The Future is Yesterday: Audi Q4 e-tron concept review and video
At the Geneva Motor Show, we were not able to clarify with Audi technicians what the cost per kilowatt-hour of the high-voltage Audi Q4 e-tron battery is, how many years it can retain the original capacity, and who the cell supplier is for it. Even about the chemical formula of the cathode did not know – “no data.” But all these are important characteristics of the battery. Meanwhile, this does not mean that the new compact Audi Q4 e-tron electric crossover is not worth talking about.
Jens van Eikels, head of the development of the e-tron model line, repeated several times during a conversation with our group of journalists: “If a person once tried himself at the wheel of an electric car, he would never return to a car with an engine.” Partly Mr. Van Eikels is right, since in January in the same Germany the number of buyers of a full-size Audi e-tron (about 400 cars sold), presented at the end of 2018, turned out to be only 4.5 times less than those who chose his classmate Q7 while the “traditional” car is almost 20 thousand euros cheaper.
On a global scale, of course, there is no sense in comparing sales – the gap is enormous, and there is no need to overestimate such a surge of interest in the Audi e-tron either: the effect of novelty still plays. At the same time, in some places in Europe, charging for electric vehicles is already being dismantled – no one is using it, they are idle, and another electric car sharing has recently been ruined in Paris. However, what is there carsharing, if other experts say that it is unrestrained thirst for “greens” (to be fair, just for voluntary reasons), will lead to the collapse of a couple of automobile companies.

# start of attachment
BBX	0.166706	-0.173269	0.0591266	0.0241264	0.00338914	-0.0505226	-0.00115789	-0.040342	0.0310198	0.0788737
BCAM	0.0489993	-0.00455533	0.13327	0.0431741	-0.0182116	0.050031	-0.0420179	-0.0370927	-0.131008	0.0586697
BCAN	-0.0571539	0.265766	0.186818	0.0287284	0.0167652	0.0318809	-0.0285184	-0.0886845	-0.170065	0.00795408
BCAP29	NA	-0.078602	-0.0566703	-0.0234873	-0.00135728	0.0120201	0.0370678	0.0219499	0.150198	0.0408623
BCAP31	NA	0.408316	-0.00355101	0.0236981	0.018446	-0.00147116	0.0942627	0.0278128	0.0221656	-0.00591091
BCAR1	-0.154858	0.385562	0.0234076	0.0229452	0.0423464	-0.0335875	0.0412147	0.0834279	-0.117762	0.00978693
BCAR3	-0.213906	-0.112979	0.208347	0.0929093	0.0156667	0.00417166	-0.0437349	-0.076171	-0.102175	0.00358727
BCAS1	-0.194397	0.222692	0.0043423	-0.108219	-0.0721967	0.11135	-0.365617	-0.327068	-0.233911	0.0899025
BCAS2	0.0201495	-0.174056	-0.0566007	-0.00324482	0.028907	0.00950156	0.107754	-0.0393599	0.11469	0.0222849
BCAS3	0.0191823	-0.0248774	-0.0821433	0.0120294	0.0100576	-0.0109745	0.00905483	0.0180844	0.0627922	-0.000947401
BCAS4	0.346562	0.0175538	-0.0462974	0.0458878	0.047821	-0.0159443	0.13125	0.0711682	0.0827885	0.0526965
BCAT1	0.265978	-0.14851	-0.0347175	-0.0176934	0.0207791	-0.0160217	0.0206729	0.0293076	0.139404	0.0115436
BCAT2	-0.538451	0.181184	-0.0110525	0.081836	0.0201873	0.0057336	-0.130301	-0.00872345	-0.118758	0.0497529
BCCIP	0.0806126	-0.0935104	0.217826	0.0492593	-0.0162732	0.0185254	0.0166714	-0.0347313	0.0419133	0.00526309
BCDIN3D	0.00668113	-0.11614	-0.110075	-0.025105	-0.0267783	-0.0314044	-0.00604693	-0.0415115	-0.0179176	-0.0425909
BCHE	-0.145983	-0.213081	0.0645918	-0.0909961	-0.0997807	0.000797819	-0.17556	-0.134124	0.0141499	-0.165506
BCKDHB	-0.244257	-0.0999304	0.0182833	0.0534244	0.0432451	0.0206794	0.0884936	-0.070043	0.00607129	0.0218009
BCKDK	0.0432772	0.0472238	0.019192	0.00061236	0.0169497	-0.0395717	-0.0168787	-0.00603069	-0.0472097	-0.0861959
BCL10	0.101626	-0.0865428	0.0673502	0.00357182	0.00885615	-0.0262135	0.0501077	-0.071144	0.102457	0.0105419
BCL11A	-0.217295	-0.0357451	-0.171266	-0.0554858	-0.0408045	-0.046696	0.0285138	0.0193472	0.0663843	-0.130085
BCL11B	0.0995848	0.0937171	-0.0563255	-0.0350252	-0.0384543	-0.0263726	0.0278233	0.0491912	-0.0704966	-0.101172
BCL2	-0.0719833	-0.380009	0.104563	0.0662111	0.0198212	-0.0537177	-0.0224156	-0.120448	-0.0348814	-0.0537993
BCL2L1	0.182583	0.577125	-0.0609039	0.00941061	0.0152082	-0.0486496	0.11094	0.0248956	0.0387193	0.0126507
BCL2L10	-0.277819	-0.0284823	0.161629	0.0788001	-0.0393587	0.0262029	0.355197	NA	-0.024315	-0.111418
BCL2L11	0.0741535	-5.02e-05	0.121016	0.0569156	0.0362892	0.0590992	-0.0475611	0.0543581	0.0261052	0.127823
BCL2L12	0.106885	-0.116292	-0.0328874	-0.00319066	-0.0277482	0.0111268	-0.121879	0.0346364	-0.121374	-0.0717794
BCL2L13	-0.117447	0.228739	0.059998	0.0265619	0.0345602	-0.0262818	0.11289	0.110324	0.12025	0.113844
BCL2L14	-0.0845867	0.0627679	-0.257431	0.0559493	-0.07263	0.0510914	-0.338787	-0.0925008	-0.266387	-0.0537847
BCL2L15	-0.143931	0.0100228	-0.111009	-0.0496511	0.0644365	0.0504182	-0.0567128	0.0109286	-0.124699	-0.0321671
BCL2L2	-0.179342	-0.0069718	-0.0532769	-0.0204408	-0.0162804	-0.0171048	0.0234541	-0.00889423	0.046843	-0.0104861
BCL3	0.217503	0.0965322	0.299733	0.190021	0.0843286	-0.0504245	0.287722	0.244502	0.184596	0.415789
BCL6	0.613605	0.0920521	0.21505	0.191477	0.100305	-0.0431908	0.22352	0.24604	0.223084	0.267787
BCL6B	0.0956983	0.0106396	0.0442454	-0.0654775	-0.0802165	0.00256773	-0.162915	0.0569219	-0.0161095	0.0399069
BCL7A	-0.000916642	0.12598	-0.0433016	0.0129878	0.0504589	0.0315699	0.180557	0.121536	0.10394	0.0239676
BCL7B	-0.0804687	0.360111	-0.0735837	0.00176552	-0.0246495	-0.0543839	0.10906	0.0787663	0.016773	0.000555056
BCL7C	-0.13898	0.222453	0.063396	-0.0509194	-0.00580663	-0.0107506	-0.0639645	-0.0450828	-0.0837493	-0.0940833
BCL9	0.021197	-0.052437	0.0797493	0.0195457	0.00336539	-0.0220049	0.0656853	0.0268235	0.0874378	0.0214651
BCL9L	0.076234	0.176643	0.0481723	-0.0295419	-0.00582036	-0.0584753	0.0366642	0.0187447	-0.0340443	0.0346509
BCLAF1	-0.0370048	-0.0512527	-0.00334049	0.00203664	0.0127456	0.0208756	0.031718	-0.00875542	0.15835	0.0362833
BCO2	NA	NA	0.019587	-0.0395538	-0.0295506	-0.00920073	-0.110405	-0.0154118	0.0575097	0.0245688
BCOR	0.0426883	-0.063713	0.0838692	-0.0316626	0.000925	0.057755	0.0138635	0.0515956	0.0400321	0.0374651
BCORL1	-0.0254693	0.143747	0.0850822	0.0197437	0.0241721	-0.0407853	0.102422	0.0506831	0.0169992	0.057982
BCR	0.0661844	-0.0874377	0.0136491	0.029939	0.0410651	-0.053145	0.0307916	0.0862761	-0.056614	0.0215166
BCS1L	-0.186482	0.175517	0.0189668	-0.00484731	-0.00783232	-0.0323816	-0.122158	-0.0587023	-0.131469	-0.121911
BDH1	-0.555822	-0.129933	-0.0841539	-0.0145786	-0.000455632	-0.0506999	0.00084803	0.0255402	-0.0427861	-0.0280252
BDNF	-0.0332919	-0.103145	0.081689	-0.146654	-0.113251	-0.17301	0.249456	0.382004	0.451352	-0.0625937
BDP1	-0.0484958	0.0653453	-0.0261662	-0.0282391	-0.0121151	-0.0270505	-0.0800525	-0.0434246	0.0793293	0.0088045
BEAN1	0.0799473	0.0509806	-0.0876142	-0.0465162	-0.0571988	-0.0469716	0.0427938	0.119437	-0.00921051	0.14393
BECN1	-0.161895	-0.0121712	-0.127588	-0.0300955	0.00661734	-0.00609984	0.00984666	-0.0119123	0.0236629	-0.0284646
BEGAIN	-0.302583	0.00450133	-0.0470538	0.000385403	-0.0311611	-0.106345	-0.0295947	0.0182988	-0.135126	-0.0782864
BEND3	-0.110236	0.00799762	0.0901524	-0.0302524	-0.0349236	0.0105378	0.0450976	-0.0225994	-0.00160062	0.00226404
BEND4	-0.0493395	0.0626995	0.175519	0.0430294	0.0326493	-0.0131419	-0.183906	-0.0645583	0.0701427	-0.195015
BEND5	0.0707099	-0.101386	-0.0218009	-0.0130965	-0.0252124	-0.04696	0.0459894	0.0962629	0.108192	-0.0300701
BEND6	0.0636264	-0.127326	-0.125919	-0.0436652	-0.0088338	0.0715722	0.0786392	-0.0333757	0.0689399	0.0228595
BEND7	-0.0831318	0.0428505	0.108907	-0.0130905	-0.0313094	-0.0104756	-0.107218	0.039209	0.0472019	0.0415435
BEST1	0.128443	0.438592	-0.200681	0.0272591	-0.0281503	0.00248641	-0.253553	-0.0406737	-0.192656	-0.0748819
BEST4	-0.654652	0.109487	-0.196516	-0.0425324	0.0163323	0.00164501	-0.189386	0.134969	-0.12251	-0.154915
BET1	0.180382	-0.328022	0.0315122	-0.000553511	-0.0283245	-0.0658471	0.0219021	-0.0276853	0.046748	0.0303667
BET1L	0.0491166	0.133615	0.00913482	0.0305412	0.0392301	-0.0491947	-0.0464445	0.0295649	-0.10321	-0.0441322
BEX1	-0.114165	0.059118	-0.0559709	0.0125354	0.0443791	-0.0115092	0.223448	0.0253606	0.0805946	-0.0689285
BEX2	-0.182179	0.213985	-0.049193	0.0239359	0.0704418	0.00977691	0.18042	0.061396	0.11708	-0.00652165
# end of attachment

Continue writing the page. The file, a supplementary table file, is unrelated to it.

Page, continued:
Let’s hope that before the entry into the Audi Q4 e-tron market, scheduled for the second half of 2020, this is definitely not going to happen with VW.
However, a lot of other things won’t happen. For example, it will not be cheaper, but electricity will rise in price in Europe. For example, industrial and low-cost disposal methods for high-voltage batteries will not be offered. For example, the batteries themselves will not fall in price – at least to the level of $ 70 per 1 kWh (now the industry average is 150 USD / 1 kWh). After all, this level is considered “threshold”, allowing “electric trains” to enter into natural price competition with ordinary cars without direct government subsidies for the purchase, preferential taxation and the right to move along the lanes for public transport, which are already packed with “electric trains” in major cities of Norway because of what public transport is in traffic jams.
I wonder how by that time the Audi Q4 e-tron interior will change when it reaches the conveyor? Now it is not a new word in design and ergonomics, but some combination of generally known elements. In some ways, the creators of the interior decoration together with the hardware specialists demonstrated a “modular” approach.
Many elements in the interior were “fixed”: say, a thermomug, “installed” in the driver’s door pocket. The execution of the salon itself was no different – neither in terms of materials (suede paneling, leather, soft plastic on the central panel), nor in design – from those concepts that we saw at world salons five years ago. It is gratifying that at least the front seats with electric drive could move, but they didn’t draw their energy from the onboard electrical network. By the way, the bottom of the concept was tightly covered with sheets of material similar to a smooth hardboard – apparently, the battery itself was not installed on the concept, and, by the way, we didn’t open the hood. As for the “geometric” possibilities on the roads, I would like them not to deteriorate on the conveyor sample: under the apron of the front bumper we fix almost 20 cm on the car in the empty state.
Meanwhile, the cells of the highest-voltage battery, whose blocks are located under the bottom of the Audi Q4 e-tron, have an unknown origin ,. As mentioned by Jens van Eykels told us, they are supplied by “one of the two largest world suppliers of cells”. It turns out that in any case, these cells are from South Korea, since the first place in the production of lithium-ion batteries is now occupied by LG Chem, and the second – by Samsung SDI.
“Enclosure” is made already at the factories of the VW concern, and the Germans give a guarantee “from myself” for the battery for 8 years. It’s hard to say what proportion of the initial capacity of 82 kWh the battery can save after this period. Jens van Eikels got off with the general phrase that it “depends on the intensity of use and the conditions in which the battery will be operated.” The battery itself adds a little more than half a ton to the vehicle’s mass, and according to the WLTP cycle that came to replace the NED.